Workers with disabilities cannot achieve parity with their non-disabled counterparts in terms of earnings, benefits, and job security until they have equal access to and equal representation in better-paid and more highly skilled occupations. Vocational rehabilitation agencies, special education programs, and other service providers must reconsider any practice of encouraging people with disabilities to settle for jobs that do not take full advantage of their skills, abilities, and experience. Incentives to place people in any job, rather than a good job matching the person’s interests and abilities, may be counterproductive. Lack of ambition in a job search, or in pursuing opportunities for advancement, may lead to a lifetime of underemployment, low pay, and job insecurity. Furthermore, inflexible income limits to eligibility for government benefit programs should be changed, lest they continue to serve as a disincentive to advancement into higher paying jobs.

It is likely that discrimination plays a role in the apparent exclusion of large numbers of workers with disabilities from better-paid and more stable occupations. The dearth of representation in occupations involving contact with the public—in other words, as visible representatives of the business or organization—is particularly telling. Employers must be better educated in recognizing the talents and abilities of workers with disabilities, and of their potential, given appropriate accommodations, to perform a wide variety of job tasks [20]. They should also include disability status as a component in their efforts to increase and showcase workplace diversity, reversing what is apparently the current practice of keeping their employees with disabilities shielded from public exposure.

Finally, national disability employment policy must further expand its focus beyond getting people with disabilities into the workforce, to also include fostering quality careers that pay well and offer stability and opportunities for advancement. Such services ought to be provided not only to people entering or attempting to re-enter the labor force, but also to employed people with disabilities working in entry-level, low-skill jobs. Workers with disabilities need greater opportunity to advance into higher quality occupations, increase their earnings potential, and improve their job security and social status. The promise of a brighter employment future would go a long way toward encouraging greater labor force participation among people with disabilities, substantially increasing both employment and income levels and reducing reliance on benefit programs.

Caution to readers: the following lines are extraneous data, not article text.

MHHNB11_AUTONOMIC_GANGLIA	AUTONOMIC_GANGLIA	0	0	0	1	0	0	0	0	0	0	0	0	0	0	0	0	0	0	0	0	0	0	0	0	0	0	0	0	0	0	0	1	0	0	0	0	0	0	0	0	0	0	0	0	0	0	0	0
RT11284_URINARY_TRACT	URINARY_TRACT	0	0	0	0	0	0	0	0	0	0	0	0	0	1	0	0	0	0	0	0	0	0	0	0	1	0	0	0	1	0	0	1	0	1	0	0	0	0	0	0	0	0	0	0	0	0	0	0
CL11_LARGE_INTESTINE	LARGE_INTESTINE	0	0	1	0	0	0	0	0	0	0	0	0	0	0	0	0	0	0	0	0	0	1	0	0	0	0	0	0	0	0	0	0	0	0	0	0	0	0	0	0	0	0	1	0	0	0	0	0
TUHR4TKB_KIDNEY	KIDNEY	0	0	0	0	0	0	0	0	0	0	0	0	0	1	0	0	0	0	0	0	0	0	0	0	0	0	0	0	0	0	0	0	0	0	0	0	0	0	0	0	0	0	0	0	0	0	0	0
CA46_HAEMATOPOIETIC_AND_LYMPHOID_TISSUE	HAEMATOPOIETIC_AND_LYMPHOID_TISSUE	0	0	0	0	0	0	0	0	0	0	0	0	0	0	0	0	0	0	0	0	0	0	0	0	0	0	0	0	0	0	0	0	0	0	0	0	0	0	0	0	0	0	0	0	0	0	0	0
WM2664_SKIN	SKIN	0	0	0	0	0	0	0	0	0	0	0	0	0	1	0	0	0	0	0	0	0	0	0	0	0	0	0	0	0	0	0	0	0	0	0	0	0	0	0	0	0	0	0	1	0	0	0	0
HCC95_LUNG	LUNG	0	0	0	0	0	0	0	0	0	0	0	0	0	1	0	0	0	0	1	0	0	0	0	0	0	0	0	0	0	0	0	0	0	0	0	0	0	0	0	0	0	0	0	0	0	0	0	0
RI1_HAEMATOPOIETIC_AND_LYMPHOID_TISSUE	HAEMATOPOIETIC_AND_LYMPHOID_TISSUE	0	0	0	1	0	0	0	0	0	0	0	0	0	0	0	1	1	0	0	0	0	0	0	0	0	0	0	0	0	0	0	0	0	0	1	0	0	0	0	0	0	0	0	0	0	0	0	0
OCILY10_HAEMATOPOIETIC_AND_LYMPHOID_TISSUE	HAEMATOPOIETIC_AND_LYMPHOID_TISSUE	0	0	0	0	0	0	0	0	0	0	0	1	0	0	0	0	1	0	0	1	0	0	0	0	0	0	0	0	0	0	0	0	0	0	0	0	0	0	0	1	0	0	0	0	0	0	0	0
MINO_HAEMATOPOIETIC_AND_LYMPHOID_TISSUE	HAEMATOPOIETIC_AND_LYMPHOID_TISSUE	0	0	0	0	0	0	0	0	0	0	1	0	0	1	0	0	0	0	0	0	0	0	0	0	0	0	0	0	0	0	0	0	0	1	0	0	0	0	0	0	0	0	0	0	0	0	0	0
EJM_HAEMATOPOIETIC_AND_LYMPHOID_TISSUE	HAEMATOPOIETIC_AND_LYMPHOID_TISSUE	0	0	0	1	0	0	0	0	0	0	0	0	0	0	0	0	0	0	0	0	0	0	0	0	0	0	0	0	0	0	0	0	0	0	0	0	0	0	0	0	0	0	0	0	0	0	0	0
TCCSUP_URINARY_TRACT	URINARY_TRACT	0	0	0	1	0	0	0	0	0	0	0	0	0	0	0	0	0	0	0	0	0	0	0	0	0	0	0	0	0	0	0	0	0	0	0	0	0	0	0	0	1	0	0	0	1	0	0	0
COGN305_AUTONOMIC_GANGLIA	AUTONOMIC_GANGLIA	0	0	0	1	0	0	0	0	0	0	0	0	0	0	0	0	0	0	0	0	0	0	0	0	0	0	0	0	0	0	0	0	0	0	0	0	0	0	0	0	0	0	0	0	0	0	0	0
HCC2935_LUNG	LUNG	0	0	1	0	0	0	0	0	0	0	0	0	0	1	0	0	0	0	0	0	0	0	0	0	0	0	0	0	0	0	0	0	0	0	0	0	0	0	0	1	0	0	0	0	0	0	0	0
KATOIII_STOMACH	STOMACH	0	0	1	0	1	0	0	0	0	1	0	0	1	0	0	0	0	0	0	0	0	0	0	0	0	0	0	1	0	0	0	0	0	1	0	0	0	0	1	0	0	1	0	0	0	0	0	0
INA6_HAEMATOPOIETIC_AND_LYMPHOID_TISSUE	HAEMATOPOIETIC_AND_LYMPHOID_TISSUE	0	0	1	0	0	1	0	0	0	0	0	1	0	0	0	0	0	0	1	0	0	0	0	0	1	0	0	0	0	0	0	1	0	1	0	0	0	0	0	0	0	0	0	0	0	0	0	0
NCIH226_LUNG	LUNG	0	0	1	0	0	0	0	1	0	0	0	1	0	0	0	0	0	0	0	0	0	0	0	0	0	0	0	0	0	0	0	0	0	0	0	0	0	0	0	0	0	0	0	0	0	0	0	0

By focusing on factors associated with occupational differences, and finding large discrepancies between the backgrounds and abilities of workers with disabilities and the types of jobs they hold, this study adds to the understanding of employment disparities between people with and without disabilities. A person’s occupation affects not only his or her earnings potential, but also the level of job security and stability, job satisfaction, motivation to join and remain attached to the labor force, and alignment between job tasks and the person’s abilities, perhaps in the face of future declines in functional abilities or health status. Future research should focus on the barriers to better and more appropriate careers for workers with disabilities, and pinpoint strategies for overcoming those barriers.

On September 11, 2001, did American Muslims become America's newest race? This essay offers preliminary observations regarding that question.

Using the word “race” in America is like waving a red flag before a bull. You are likely to get a spirited response. In the context of a national calamity like the September 11, 2001 tragedy, discussing race becomes an even more delicate venture. Accordingly, to reduce prospects of confusion later, this essay begins by briefly addressing some initial concerns about even using the term “race.” The essay acknowledges that race is a complex, multilayered phenomenon. In these circumstances, do not expect these comments to provide definitive insights into the nature of “race.” Rather, because racial worldviews are so pervasive, the essay limits itself to merely attempting to give a sense of how the term “race” is used here.

After briefly dealing with some concerns about race, the essay outlines evidence that, based on what at best can be called racial stereotypes, American Muslims have been singled out for particularly egregious treatment following the September 11 tragedy. For illustrative purposes, the essay draws comparisons between the response of public officials to the September 11 and Oklahoma City bombing catastrophes. The essay then puts these matters in a slightly broader historical perspective by considering several cases which the United States Supreme Court decided in the 1930s and 1940s before and after another calamitous day in American history: December 7, 1941, when the Japanese Empire attacked Pearl Harbor. To round out the historical outline, two contrasting cases involving the jurisdiction of military commissions to try American civilians are briefly evaluated.